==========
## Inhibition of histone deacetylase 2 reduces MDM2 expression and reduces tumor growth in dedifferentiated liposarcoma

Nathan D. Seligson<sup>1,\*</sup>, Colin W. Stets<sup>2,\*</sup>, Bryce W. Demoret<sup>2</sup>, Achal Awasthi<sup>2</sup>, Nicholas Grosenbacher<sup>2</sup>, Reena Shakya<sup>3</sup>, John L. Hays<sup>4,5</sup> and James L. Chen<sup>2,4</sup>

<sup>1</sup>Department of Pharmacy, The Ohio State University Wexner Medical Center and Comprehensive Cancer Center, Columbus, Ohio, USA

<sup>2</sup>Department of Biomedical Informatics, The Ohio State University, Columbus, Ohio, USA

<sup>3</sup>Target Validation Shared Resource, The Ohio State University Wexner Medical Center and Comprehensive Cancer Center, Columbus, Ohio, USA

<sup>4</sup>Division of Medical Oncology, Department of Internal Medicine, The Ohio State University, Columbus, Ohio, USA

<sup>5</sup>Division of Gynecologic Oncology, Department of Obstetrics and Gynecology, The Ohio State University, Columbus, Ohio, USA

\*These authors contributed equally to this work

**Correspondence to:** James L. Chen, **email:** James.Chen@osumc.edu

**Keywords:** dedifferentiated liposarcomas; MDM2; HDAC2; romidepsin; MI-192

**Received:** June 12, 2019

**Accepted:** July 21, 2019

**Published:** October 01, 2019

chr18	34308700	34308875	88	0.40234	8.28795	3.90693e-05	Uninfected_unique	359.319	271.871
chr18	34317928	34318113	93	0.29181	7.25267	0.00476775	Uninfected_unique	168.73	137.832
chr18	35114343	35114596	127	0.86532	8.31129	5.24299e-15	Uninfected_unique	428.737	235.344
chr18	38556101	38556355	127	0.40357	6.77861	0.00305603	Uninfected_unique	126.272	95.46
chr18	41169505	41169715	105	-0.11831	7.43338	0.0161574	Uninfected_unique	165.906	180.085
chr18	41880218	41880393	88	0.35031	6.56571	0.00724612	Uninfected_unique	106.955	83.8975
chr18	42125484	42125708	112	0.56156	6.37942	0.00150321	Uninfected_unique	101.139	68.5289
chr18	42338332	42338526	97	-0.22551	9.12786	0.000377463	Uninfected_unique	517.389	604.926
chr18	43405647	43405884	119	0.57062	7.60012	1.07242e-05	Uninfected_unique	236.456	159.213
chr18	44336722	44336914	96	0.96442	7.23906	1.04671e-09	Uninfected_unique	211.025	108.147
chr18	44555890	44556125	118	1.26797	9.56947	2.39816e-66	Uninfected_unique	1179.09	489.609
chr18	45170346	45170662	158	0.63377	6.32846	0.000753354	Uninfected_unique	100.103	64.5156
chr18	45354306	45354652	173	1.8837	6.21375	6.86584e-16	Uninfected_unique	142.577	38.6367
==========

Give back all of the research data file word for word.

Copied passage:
## Inhibition of histone deacetylase 2 reduces MDM2 expression and reduces tumor growth in dedifferentiated liposarcoma

Nathan D. Seligson<sup>1,\*</sup>, Colin W. Stets<sup>2,\*</sup>, Bryce W. Demoret<sup>2</sup>, Achal Awasthi<sup>2</sup>, Nicholas Grosenbacher<sup>2</sup>, Reena Shakya<sup>3</sup>, John L. Hays<sup>4,5</sup> and James L. Chen<sup>2,4</sup>

<sup>1</sup>Department of Pharmacy, The Ohio State University Wexner Medical Center and Comprehensive Cancer Center, Columbus, Ohio, USA

<sup>2</sup>Department of Biomedical Informatics, The Ohio State University, Columbus, Ohio, USA

<sup>3</sup>Target Validation Shared Resource, The Ohio State University Wexner Medical Center and Comprehensive Cancer Center, Columbus, Ohio, USA

<sup>4</sup>Division of Medical Oncology, Department of Internal Medicine, The Ohio State University, Columbus, Ohio, USA

<sup>5</sup>Division of Gynecologic Oncology, Department of Obstetrics and Gynecology, The Ohio State University, Columbus, Ohio, USA

\*These authors contributed equally to this work

**Correspondence to:** James L. Chen, **email:** James.Chen@osumc.edu

**Keywords:** dedifferentiated liposarcomas; MDM2; HDAC2; romidepsin; MI-192

**Received:** June 12, 2019

**Accepted:** July 21, 2019

**Published:** October 01, 2019

chr18	34308700	34308875	88	0.40234	8.28795	3.90693e-05	Uninfected_unique	359.319	271.871
chr18	34317928	34318113	93	0.29181	7.25267	0.00476775	Uninfected_unique	168.73	137.832
chr18	35114343	35114596	127	0.86532	8.31129	5.24299e-15	Uninfected_unique	428.737	235.344
chr18	38556101	38556355	127	0.40357	6.77861	0.00305603	Uninfected_unique	126.272	95.46
chr18	41169505	41169715	105	-0.11831	7.43338	0.0161574	Uninfected_unique	165.906	180.085
chr18	41880218	41880393	88	0.35031	6.56571	0.00724612	Uninfected_unique	106.955	83.8975
chr18	42125484	42125708	112	0.56156	6.37942	0.00150321	Uninfected_unique	101.139	68.5289
chr18	42338332	42338526	97	-0.22551	9.12786	0.000377463	Uninfected_unique	517.389	604.926
chr18	43405647	43405884	119	0.57062	7.60012	1.07242e-05	Uninfected_unique	236.456	159.213
chr18	44336722	44336914	96	0.96442	7.23906	1.04671e-09	Uninfected_unique	211.025	108.147
chr18	44555890	44556125	118	1.26797	9.56947	2.39816e-66	Uninfected_unique	1179.09	489.609
chr18	45170346	45170662	158	0.63377	6.32846	0.000753354	Uninfected_unique	100.103	64.5156
chr18	45354306	45354652	173	1.8837	6.21375	6.86584e-16	Uninfected_unique	142.577	38.6367